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Power

As an on-call staff member of a large catering company, you're basically a mobile food display or roving trash collector. Your instructions will include dehumanizing commands like, "Please don't talk to any of the guests" and "Don't look the host directly in the eye." And since you work primarily for tips, when the client stiffs you, the only power you feel is the ability to shout really loudly at no one in particular.

If you're the owner of your own catering company, you're at the opposite end of the power ladder. Prep cooks, servers, and bartenders look to you for guidance (and payment). A lot of new chefs coming out of culinary school will apprentice under you, hoping to glom off your expertise.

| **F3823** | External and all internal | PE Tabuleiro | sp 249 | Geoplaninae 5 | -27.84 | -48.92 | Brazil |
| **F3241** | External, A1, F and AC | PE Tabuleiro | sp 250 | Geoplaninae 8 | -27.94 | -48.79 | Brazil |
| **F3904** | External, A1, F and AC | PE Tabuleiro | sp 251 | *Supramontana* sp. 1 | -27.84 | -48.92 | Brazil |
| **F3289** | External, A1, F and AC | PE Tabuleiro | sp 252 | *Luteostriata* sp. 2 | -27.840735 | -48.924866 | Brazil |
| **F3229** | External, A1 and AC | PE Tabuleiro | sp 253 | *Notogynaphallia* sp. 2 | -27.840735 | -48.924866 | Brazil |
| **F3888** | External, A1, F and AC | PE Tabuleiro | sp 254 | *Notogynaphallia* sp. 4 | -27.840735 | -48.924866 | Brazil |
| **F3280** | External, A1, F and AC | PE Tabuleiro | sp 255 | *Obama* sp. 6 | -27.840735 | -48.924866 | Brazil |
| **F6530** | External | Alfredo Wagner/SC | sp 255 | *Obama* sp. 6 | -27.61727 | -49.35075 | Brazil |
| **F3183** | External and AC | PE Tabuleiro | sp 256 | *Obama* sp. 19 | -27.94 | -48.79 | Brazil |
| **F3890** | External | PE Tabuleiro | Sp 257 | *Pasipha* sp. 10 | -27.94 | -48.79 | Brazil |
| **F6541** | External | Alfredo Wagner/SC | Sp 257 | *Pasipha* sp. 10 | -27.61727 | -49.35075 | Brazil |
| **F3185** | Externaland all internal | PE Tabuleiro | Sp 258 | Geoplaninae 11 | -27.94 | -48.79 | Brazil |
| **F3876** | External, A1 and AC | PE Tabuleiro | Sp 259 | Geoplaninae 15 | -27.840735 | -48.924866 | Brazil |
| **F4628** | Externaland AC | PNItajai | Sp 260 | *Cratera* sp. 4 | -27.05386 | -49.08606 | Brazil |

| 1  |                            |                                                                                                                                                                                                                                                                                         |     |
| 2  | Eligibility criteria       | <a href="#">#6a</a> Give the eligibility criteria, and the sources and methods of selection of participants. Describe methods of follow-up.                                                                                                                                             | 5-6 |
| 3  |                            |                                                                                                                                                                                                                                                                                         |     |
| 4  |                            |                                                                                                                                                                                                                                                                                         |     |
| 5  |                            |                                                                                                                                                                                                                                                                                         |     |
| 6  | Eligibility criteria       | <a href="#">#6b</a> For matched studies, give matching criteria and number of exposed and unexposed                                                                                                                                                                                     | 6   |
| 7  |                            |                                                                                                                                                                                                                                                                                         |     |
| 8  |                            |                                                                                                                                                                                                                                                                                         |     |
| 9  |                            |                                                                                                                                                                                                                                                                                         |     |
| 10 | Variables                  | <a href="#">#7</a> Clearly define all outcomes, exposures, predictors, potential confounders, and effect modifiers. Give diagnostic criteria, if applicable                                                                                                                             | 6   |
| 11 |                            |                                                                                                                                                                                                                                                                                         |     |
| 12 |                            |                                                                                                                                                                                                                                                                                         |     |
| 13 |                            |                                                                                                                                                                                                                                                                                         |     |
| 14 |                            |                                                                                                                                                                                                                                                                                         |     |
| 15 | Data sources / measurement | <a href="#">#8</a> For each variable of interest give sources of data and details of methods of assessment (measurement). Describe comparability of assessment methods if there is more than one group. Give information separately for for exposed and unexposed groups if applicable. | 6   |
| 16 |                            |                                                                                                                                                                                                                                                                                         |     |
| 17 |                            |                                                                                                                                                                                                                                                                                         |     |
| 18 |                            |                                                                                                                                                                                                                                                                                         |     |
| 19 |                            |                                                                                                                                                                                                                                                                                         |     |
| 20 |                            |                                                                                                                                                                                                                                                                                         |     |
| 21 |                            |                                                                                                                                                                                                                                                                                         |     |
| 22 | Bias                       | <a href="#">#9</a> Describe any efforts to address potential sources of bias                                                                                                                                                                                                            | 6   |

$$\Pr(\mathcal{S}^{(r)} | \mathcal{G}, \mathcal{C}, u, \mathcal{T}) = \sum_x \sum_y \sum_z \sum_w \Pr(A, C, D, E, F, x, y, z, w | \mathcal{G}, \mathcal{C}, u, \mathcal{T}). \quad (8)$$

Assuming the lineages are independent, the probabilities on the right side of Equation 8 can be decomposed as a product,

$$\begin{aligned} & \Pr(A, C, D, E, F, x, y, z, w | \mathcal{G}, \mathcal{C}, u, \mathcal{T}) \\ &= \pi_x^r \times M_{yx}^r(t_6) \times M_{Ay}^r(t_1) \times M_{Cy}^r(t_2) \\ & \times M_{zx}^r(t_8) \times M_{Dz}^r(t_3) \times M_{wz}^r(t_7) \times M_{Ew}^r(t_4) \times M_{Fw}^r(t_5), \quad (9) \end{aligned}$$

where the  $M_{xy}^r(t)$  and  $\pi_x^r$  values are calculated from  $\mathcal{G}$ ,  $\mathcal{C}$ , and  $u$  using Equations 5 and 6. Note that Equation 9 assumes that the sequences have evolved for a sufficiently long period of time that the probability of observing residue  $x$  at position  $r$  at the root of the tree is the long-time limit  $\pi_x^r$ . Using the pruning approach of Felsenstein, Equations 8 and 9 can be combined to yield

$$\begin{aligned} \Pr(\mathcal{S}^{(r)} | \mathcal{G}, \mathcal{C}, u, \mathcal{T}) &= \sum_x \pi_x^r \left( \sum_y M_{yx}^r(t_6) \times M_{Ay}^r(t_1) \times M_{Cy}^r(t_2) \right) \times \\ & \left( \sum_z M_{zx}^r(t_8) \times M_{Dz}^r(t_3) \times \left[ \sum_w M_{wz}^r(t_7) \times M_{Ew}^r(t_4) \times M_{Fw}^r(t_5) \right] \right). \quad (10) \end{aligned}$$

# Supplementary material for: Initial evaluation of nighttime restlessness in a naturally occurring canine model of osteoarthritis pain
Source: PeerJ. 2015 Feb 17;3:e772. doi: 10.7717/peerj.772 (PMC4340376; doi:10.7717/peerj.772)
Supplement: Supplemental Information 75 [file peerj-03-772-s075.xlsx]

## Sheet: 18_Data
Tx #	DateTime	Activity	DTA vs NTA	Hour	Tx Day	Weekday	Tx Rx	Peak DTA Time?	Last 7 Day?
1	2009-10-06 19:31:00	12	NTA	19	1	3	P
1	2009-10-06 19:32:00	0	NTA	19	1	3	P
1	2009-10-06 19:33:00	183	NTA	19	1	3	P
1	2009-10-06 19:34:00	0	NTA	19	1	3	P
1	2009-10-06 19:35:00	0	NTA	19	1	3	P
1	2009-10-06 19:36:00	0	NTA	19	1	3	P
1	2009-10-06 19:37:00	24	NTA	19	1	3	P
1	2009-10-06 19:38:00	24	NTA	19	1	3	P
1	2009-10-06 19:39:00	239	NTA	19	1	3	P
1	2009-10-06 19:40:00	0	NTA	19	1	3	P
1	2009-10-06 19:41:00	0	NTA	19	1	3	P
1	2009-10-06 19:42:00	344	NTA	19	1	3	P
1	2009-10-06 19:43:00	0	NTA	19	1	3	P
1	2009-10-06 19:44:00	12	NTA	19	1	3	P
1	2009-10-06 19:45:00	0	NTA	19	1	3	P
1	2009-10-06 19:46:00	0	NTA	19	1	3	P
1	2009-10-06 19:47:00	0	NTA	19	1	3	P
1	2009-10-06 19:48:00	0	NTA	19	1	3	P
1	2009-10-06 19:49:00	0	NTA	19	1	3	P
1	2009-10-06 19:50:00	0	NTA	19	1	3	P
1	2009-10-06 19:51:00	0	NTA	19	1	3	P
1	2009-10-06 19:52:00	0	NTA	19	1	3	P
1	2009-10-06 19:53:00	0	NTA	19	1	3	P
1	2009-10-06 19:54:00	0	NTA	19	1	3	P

Also, cooks without a culinary background need guidance when preparing food. The only people you have to worry about are your clients—and you should, because they ultimately decide whether or not you work again.

In this biz, you're only as powerful as the last event you hosted. If you knocked high society's socks off with a magnificently prepared feast for their latest fête, you should have some good word-of-mouth; but if you grossly undercooked the salmon, you may be too busy handling lawsuits to spend time salvaging your reputation.

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